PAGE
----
Trayvon Martin's father says his son 'opened up the eyes of many'
Trayvon Martin's parents, Tracy Martin and Sybrina Fulton, spoke about him at a rally in Miami.
Saturday will mark 10 years since Trayvon Martin, a Black teenager from Miami, was shot and killed while walking back to his dad’s place from a 7-Eleven in Sanford.
His killing by neighborhood watch volunteer George Zimmerman — who ultimately was not convicted — led to protests across the country.
Many say his case started the Black Lives Matter Movement.
On Feb. 5, Trayvon Martin’s parents — Tracy Martin and Sybrina Fulton — led a rally in Miami. Fulton spoke forcefully from the stage, and Tracy Martin talked about their son on what would have been his 27th birthday.
He ‘galvanized’ the country
Trayvon Martin’s death is always going to be heartbreaking, his father said. “His departure from life leaves an emptiness that, you know, it’s hard to fill. I don’t think that that void would ever be filled.
“His story is written, Trayvon is in the history books. … Just knowing that he galvanized the country and that he’s etched in the fabric of America, it means a lot. I think that, you know, he’s brought awareness. Certainly, he’s opened up the eyes of many people with injustices that occur in pockets that we don’t really know about.”
Resting in power
Fulton said Trayvon Martin is resting in power as a symbol for victims of racial injustice.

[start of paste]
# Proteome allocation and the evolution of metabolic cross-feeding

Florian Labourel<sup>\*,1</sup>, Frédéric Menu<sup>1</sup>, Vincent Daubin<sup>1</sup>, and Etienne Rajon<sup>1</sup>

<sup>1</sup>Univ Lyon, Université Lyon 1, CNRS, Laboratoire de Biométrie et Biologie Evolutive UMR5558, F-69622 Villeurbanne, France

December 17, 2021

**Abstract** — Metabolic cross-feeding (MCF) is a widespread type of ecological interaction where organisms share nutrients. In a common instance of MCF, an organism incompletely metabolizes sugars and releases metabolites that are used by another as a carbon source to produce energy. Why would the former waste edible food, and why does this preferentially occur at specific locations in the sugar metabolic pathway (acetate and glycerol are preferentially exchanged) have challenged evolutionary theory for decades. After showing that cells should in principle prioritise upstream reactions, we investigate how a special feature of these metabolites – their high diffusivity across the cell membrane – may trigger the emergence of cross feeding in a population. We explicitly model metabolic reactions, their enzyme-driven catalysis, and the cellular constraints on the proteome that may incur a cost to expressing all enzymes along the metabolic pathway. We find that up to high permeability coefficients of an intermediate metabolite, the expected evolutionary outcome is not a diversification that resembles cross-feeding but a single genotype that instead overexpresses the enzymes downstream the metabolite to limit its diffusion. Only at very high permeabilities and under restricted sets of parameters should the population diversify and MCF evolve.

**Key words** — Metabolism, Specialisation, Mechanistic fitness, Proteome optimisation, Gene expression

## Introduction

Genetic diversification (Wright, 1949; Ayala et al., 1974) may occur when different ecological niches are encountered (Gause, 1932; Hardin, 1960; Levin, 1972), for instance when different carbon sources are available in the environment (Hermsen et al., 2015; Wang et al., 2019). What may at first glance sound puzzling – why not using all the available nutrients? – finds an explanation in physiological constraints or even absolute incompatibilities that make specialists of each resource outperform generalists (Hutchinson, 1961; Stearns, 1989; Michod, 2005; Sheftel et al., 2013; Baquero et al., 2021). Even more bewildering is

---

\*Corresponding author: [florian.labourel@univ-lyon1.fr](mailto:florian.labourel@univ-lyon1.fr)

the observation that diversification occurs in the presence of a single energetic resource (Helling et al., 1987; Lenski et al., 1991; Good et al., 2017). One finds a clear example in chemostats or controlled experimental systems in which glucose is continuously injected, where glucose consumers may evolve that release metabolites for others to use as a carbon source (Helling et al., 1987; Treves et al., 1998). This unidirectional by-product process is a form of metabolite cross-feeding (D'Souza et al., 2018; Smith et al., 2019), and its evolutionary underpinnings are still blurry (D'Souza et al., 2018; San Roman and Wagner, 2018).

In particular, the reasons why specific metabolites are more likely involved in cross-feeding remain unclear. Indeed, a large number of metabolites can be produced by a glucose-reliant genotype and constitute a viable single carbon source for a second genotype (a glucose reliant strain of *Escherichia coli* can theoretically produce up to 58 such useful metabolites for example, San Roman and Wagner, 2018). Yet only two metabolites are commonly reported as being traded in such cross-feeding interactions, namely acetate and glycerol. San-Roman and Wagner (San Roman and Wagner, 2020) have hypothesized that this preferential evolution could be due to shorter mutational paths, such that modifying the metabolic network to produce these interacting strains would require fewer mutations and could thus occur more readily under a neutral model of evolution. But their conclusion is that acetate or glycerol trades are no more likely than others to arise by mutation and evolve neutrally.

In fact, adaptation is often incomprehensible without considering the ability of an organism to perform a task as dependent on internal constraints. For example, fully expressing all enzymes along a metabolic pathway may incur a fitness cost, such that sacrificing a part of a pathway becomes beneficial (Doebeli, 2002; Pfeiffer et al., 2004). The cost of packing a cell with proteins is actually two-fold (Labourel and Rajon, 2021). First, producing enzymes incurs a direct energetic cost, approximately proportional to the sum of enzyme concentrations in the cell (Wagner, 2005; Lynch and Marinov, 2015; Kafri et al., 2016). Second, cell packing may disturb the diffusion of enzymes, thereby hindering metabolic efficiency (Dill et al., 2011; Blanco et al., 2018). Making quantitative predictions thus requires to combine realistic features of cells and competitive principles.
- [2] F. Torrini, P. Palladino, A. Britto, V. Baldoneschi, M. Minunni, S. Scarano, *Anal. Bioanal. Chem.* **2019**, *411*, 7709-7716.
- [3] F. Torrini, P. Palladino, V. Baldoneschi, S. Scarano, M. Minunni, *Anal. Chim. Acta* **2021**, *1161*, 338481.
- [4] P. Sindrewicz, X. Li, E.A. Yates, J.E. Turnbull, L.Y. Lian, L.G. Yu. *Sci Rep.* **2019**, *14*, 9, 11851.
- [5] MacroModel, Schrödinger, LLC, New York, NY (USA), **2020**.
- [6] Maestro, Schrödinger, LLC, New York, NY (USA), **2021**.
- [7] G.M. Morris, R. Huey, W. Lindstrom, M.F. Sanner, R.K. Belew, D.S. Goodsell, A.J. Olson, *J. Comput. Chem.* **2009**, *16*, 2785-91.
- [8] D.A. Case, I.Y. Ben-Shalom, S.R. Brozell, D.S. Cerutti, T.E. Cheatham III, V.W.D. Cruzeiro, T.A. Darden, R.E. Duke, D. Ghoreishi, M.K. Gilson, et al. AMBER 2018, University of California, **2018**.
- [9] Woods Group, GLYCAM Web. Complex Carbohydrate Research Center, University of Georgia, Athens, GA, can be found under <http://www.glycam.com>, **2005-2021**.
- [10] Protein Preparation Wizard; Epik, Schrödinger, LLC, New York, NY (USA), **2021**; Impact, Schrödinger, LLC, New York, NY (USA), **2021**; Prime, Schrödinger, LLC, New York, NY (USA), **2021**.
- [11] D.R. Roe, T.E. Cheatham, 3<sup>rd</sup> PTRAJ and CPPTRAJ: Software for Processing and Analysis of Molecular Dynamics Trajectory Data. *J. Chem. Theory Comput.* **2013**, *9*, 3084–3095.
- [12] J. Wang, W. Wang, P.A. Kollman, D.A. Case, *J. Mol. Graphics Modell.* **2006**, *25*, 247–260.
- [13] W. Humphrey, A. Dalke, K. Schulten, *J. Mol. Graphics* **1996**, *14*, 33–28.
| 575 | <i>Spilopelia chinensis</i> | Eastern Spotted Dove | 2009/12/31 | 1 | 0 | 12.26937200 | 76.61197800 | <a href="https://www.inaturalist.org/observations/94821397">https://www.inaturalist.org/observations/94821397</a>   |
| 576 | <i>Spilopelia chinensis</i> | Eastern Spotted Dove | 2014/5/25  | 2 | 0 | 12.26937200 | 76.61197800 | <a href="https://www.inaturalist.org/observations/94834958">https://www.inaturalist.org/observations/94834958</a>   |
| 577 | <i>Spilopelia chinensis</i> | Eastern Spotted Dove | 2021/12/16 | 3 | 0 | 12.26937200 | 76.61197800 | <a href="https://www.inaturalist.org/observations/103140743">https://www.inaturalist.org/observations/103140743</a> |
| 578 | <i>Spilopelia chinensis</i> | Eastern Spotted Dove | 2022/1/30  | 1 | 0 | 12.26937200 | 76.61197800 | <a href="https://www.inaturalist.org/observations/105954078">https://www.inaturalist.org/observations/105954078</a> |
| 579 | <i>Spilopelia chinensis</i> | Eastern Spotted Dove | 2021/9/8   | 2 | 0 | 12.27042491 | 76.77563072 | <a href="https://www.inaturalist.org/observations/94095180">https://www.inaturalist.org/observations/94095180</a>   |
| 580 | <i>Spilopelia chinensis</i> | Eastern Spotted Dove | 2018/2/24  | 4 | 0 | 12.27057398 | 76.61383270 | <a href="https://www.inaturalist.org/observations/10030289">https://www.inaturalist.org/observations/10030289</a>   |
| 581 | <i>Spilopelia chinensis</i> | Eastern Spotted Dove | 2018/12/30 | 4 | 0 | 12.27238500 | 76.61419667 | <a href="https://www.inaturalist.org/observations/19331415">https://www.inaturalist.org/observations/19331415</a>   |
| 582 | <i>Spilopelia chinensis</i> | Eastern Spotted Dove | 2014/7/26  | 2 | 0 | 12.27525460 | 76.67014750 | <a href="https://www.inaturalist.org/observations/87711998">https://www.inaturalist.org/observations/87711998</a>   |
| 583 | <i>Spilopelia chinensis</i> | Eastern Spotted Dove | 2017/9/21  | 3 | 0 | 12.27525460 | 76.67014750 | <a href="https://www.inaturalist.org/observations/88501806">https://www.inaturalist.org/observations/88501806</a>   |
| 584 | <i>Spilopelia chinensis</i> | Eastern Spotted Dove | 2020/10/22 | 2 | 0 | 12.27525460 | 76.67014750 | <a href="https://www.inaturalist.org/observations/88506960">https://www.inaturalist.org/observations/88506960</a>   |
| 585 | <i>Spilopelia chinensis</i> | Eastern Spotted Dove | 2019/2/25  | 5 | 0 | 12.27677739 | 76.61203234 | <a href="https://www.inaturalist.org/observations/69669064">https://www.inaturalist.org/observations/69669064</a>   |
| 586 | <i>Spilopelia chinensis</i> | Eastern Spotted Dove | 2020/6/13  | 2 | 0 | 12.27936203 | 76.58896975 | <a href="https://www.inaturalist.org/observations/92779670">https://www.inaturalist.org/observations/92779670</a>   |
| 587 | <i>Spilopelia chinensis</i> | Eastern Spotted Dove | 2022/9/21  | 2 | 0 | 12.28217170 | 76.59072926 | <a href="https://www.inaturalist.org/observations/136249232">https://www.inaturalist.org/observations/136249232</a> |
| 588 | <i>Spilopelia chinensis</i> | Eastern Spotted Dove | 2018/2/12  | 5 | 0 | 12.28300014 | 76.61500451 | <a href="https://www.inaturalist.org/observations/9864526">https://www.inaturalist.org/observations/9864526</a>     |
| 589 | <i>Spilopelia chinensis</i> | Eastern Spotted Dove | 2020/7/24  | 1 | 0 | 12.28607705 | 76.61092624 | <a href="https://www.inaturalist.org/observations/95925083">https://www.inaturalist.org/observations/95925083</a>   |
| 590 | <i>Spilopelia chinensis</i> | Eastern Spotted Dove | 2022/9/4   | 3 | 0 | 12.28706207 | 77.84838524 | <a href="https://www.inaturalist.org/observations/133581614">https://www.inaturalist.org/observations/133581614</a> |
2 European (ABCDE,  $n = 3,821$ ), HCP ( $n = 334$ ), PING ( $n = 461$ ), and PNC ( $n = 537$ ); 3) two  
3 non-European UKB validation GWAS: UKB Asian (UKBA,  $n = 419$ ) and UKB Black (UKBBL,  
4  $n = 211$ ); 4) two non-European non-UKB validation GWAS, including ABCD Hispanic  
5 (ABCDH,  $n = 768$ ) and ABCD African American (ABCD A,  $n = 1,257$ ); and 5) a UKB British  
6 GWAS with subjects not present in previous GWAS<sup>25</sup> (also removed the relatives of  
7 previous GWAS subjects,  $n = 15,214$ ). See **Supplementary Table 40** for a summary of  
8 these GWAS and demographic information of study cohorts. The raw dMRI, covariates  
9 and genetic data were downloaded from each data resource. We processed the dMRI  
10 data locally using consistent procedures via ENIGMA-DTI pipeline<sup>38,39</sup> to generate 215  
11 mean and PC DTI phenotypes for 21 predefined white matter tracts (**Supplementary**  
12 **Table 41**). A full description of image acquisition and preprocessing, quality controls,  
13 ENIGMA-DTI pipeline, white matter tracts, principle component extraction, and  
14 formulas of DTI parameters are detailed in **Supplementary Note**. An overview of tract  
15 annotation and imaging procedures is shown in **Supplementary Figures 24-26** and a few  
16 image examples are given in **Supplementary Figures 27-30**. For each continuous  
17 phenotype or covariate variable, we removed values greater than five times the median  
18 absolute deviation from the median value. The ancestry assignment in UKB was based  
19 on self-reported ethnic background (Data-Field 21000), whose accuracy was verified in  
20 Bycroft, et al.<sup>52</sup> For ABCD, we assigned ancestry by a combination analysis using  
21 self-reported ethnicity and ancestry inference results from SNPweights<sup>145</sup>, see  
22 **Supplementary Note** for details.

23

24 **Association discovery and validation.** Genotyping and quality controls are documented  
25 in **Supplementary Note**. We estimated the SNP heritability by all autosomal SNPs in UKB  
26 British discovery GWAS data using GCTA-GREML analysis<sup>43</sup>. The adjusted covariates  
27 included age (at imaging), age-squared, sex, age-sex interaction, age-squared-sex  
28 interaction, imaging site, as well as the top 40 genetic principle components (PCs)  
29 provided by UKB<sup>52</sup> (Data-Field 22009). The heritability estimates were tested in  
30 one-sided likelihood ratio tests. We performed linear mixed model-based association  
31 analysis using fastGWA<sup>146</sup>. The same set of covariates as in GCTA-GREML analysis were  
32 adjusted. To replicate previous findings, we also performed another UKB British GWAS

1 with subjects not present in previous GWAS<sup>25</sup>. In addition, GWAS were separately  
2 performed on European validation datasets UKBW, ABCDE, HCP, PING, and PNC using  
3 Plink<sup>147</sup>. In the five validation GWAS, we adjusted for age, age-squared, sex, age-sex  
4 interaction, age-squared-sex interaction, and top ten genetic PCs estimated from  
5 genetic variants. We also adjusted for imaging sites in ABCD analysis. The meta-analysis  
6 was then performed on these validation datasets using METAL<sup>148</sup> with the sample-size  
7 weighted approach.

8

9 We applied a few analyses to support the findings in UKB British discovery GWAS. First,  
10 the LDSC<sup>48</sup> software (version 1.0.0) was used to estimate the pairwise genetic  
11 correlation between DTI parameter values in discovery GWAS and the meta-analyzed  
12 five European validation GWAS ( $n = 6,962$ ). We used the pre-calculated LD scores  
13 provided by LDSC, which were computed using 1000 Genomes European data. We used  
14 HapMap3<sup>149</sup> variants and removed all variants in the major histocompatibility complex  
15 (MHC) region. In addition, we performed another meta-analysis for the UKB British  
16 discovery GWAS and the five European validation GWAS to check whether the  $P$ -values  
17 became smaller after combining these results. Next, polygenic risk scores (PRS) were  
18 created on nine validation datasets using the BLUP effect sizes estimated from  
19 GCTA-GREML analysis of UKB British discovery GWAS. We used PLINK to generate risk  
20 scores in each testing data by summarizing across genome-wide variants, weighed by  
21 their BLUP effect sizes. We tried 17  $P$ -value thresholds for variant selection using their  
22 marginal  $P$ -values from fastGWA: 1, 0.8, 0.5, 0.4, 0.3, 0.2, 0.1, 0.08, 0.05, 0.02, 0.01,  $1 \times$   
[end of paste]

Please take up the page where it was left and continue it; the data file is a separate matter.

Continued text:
“My son,” she said, “is the voice and sometimes the face for so many other Trayvon Martins that you don’t know.”
And in response, Fulton is trying to do her part, she said. “If you really want to support Trayvon Martin and all our young people, knowing that our children’s lives matter. Then just do your part. Do your part. That’s all I ask.”
A proud father
Tracy Martin remembered his son as fun-loving and outgoing.
“He really loved his family,” Martin said. “He used to love riding motorcycles, on dirt bikes, skateboards. going skating. He used to love all of that.
“And just just seeing him, you know, just planting the seed and watching that seed grow, watching him go from, you know, 4- or 5-, 6-year-old kid to a 10-, 11-year-old kid to 17-year-old young man — teen — just watching him grow into this it made me a proud dad. … This was a great kid whose life was taken away from us.”
Martin sees some “traction” in the fight for racial justice.
“But we still got a long way to go,” he said. “And it’s going take, it’s going take more than one community to make change. It’s going to take a diversified community. It’s going to take all of us to work together.”
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